Parliamentary Logick: To which are Subjoined Two Speeches, Delivered in the House of Commons of Ireland, and Other Pieces

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C. and R. Baldwin, 1808 - Corn laws (Great Britain) - 253 pages

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Page 26 - ... men began to hunt more after words than matter ; and more after the choiceness of the phrase, and the round and clean composition of the sentence, and the sweet falling of the clauses, and the varying and illustration of their works with tropes and figures, than after the weight of matter, worth of subject, soundness of argument, life of invention, or depth of judgment.
Page 98 - When they conceived a subject, they first made a variety of sketches ; then a finished drawing of the whole ; after that a more correct drawing of every separate part...
Page xix - Hamilton 1" who spoke for the first time, and was at once perfection: his speech was set, and full of antithesis, but those antitheses were full of argument: indeed his speech was the most argumentative of the whole day; and he broke through the regularity of his own composition, answered other people, and fell into his own track again with the greatest ease. His figure is advantageous, his voice strong and clear, his manner spirited, and the whole with the ease of an established speaker.
Page 103 - They have introduced a Privy Council ravishing at once the spheres of all ancient government, imprisoning us without bail or bond. They have taken from us...
Page 67 - ... a man of dangerous principles and designs, or has been seen more or less frequently in his company, or has pro* On the subject of personalities of the vituperative kind, the following are the instructions given by Gerard Hamilton: they contain all he says upon the subject. I. 31, 367, p. 67 — " It is an artifice to be used (but if used by others, to be detected,) to begin some personality, or to throw in something that may bring on a personal altercation, and draw off the attention of the House...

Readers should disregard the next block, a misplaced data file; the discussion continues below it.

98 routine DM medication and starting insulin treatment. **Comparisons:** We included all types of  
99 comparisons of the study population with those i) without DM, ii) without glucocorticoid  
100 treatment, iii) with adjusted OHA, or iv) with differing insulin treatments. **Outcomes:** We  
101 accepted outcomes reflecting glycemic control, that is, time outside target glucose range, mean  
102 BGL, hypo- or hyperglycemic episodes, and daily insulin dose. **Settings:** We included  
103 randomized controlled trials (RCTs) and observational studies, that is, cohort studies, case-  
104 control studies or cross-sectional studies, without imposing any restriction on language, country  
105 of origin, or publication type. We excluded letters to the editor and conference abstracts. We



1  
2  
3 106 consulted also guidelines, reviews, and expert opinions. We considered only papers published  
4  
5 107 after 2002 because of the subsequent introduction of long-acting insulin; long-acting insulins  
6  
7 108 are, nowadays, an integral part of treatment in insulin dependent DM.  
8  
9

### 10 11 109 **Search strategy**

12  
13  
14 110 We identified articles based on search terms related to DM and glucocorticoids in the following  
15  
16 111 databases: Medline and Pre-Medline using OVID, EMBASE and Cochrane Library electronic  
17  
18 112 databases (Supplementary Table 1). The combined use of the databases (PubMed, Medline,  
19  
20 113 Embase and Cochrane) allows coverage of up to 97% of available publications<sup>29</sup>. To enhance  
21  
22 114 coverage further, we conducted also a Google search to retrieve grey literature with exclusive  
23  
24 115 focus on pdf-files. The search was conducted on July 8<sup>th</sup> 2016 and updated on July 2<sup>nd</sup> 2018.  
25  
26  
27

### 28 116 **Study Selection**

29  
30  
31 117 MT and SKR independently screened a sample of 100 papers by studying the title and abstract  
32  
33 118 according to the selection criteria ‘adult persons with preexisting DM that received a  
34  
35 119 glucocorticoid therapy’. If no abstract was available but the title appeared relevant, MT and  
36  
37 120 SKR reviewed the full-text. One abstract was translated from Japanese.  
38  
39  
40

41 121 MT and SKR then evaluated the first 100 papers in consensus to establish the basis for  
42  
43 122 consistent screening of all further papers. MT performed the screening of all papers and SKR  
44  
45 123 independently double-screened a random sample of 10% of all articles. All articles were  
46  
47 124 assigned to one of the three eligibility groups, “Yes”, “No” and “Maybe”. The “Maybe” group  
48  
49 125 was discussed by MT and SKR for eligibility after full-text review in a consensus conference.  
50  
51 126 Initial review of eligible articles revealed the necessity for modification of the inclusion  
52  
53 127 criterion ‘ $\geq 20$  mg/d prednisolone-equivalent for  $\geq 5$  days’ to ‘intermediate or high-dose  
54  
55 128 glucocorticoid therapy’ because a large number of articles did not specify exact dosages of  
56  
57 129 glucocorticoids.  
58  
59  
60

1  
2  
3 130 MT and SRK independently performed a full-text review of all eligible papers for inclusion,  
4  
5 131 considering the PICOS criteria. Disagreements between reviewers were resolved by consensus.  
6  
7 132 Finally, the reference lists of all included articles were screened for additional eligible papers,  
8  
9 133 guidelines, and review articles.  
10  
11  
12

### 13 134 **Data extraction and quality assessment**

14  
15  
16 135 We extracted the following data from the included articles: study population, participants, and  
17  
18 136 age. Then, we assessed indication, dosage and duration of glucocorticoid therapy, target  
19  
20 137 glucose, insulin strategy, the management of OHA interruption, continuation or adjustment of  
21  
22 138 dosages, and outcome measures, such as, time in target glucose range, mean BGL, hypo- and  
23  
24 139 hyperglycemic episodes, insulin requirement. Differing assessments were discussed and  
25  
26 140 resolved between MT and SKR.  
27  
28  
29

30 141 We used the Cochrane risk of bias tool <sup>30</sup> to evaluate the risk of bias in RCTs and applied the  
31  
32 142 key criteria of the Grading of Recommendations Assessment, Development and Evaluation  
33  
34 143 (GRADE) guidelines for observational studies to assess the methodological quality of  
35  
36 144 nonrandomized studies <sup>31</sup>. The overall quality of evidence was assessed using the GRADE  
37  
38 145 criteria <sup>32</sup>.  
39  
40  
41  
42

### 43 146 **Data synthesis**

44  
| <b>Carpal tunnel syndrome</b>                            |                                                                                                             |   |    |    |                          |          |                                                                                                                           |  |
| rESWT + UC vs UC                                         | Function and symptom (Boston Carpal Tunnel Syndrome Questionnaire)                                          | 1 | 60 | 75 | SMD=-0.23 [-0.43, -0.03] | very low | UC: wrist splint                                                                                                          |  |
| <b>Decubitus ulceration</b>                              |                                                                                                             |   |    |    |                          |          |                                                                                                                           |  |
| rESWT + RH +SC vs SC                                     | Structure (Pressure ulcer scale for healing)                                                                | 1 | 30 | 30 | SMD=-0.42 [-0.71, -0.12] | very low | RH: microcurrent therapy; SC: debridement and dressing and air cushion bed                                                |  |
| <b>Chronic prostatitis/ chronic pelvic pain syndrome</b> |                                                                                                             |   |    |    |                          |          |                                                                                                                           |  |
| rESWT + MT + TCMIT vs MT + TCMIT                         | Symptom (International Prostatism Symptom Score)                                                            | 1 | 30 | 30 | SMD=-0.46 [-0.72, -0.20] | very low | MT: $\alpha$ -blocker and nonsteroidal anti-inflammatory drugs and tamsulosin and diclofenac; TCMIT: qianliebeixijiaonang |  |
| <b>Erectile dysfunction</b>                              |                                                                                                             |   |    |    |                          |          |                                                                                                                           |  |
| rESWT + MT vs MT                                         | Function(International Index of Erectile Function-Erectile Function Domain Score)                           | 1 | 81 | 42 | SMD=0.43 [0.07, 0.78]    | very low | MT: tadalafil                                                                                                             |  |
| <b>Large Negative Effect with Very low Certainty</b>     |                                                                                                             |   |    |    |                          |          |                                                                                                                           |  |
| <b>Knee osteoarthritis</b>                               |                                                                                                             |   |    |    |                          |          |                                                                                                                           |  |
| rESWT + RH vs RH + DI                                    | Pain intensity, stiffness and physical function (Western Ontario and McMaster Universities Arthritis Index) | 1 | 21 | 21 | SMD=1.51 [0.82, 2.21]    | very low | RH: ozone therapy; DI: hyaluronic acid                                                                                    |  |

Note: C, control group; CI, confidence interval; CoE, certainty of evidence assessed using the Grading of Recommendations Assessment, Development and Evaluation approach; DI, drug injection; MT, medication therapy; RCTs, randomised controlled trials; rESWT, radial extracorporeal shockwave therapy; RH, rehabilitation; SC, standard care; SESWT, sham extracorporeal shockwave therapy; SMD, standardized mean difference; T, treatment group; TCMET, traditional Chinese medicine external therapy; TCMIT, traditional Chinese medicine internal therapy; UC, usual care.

Page xxx - Lord Bute found no resource of dependence or security in the proud, imposing superiority of Lord Chatham's abilities, the shrewd, inflexible judgment of Mr. Grenville, nor in the mild but determined integrity of Lord Rockingham.
Page xvi - This seems to have given him his first hold of the public attention ; for Waller remarked, "that he broke out like the Irish rebellion, threescore thousand strong, when nobody was aware, or in the least suspected it ;" an observation which could have had no propriety, had his poetical abilities been known before.
Page 147 - Irish exactions, extorted by the chieftains and tanists by colour of their barbarous seigniory, were almost as grievous a burthen as the other, namely, cosherings, which were visitations and progresses made by the lord and his followers among his tenants...
Page xxiv - ... it was necessary for him to support the measures of administration ; and accordingly in 1761 and 1762, he made five speeches on various occasions, which fully gratified the expectations of his auditors. Mr. Hamilton continued secretary to the succeeding lord lieutenant, Hugh earl of Northumberland, in 1763, but it is believed his exertions in that session were less splendid and less frequent ; and before it concluded, on some disgust he resigned his office. On his return to England, and for a...
Page 199 - ... station in which I am placed, to the dignity of which the emoluments are, as you represent them, inadequate. I shall transmit therefore the sense of the House of Commons, that the augmentation which your generosity has proposed, may...

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